This afternoon I went out to a local diner with an 85 year old woman no longer able to drive. It was a treat to be with her, and I enjoyed listening to her stories while nibbling a cheese and bacon sandwich. Helen is a water color artist, and is lucky enough to have a beautifully alert and creative mind.
I learned that she trained in graphic design, and graduated from Cooper Union College in New York. She was hired for the position of typesetter; something quite unusual back in the 1940s. “Women just didn’t have those kinds of jobs then,” she explained. Although hired as a graphic designer she was initially asked to wash and dry used paint brushes and empty used paint water. “There was very little, if any, respect shown to women in the workplace then” she said, “but that attitude only made me more stubborn to succeed and more determined to show them a thing or two!”
As I was listening to her story my eye kept wandering to a table near ours with a mother and daughter having lunch alone together. The girl looked about ten years old. What a lovely thing to do with a young daughter, I thought. She and her mother will chat and be easy companions at the perfect time: just before adolescence sets in and the silent treatment begins.
But the silent treatment already had begun. Not because the young girl was giving her mother the silent treatment, but because the mother was giving it to her child. Mom was so enthralled with her cell phone, that she was totally involved with reading her terribly important emails. She barely noticed her child siting across the table from her.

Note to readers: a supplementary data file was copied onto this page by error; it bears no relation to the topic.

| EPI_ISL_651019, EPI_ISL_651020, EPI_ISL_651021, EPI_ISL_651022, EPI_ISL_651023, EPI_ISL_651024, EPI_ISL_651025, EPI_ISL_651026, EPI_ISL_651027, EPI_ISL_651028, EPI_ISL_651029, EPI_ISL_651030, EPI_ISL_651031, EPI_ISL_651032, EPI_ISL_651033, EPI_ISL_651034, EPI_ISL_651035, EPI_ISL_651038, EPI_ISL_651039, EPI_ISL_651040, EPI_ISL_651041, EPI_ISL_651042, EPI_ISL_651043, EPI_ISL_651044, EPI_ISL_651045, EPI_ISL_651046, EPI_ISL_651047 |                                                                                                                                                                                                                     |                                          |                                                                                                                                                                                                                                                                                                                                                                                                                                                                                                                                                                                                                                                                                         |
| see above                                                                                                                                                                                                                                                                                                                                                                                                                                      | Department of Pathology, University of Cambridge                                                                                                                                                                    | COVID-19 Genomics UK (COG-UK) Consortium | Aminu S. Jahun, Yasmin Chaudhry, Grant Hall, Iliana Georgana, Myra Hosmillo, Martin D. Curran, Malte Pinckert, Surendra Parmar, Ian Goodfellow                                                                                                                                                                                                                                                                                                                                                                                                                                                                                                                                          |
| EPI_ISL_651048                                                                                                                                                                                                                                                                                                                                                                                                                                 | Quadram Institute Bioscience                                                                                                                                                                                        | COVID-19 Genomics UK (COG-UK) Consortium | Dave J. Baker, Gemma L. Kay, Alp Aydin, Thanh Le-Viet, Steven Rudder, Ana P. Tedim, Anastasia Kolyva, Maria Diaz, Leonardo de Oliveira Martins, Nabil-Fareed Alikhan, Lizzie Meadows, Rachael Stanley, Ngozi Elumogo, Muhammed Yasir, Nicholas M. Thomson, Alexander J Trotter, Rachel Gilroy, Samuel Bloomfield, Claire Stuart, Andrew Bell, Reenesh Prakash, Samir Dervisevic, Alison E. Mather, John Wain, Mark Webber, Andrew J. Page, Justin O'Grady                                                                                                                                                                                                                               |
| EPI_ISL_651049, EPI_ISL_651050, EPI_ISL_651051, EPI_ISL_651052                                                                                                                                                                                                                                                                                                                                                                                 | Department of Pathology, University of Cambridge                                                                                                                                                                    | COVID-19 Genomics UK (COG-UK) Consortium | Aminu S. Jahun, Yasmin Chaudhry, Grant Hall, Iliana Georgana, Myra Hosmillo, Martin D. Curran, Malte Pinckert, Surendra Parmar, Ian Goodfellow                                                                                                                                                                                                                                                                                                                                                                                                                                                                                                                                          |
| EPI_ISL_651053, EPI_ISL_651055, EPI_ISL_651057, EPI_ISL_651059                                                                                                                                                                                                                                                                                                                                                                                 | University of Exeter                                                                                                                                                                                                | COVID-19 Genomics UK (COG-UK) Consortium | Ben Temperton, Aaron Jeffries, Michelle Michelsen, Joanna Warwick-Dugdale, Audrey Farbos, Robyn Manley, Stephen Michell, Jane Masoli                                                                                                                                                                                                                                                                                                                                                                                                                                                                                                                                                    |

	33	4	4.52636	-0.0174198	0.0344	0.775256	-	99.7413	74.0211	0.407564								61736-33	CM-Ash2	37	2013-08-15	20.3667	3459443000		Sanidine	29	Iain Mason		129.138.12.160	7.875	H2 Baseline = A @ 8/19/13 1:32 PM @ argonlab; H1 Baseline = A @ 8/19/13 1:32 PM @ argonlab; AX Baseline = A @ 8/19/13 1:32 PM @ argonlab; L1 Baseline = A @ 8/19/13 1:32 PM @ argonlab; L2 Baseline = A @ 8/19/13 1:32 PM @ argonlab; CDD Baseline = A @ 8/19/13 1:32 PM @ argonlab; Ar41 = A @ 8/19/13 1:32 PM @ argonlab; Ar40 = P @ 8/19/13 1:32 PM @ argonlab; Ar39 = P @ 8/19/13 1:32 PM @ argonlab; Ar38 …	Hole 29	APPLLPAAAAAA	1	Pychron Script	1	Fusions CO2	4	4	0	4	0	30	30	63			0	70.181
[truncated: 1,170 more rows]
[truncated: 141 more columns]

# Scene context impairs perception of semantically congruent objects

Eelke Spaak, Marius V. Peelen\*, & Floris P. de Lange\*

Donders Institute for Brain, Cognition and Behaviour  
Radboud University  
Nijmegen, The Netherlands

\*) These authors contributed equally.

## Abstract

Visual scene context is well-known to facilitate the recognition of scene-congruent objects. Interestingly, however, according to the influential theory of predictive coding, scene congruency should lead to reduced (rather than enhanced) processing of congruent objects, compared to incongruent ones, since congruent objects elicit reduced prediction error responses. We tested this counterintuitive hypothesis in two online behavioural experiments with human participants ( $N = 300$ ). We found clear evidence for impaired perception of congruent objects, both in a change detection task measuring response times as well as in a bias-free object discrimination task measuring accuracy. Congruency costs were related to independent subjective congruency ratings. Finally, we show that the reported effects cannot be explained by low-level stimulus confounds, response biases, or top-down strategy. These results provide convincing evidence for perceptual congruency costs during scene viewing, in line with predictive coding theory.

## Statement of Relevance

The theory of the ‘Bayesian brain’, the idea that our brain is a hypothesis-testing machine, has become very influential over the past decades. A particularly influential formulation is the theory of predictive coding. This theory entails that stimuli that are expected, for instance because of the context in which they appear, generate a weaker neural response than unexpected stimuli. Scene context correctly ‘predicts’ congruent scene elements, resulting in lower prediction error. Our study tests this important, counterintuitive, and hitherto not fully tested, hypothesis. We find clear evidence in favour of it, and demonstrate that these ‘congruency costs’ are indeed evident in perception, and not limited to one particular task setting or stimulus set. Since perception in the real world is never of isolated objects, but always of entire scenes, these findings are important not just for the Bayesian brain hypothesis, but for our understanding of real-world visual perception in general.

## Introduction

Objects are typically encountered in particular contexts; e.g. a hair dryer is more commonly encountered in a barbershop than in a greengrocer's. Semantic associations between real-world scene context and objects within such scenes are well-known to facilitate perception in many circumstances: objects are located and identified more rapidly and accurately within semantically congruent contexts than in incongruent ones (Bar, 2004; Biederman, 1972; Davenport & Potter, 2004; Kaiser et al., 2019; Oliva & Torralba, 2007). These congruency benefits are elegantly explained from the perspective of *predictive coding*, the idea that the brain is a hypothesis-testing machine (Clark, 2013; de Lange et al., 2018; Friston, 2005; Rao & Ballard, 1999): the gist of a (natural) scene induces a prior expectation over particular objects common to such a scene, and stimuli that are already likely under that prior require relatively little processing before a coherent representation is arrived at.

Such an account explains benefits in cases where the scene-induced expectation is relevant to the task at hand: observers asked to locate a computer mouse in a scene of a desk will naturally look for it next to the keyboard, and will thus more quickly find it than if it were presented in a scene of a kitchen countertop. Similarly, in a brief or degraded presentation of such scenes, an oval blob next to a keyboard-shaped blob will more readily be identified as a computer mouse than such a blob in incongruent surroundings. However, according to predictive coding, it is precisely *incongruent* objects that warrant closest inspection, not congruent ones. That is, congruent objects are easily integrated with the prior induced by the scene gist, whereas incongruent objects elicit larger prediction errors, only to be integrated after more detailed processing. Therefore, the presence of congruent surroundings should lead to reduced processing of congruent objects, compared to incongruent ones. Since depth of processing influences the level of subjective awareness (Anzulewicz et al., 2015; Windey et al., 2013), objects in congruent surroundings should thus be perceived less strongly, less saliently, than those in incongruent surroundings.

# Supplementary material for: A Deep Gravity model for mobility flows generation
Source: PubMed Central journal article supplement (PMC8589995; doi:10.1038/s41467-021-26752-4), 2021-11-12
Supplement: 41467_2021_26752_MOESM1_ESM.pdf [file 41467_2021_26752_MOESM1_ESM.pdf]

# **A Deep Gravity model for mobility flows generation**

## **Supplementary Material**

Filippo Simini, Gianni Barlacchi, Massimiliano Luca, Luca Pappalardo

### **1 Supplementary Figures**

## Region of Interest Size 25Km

How must that child have felt? What could she be thinking? Could she have felt anything but rejected? Could she think of anything but how unimportant she was to her mother?
In a strange way I saw the parallels between Helen’s story of disrespect for working women in her generation and this young girl at lunch being disrespected and disregarded by her mother. I hope she has the “gumption” (to use a word from the 40s) to use her mother’s lack of attention as a challenge to be acknowledged in her future.
But for now, can you just see that future unfolding in her family? The resentment building, the desire to escape from an indifferent parent; to find someone to speak to? The need to feel important to someone?
And we wonder why children from “good homes” wind up so disconnected from their families…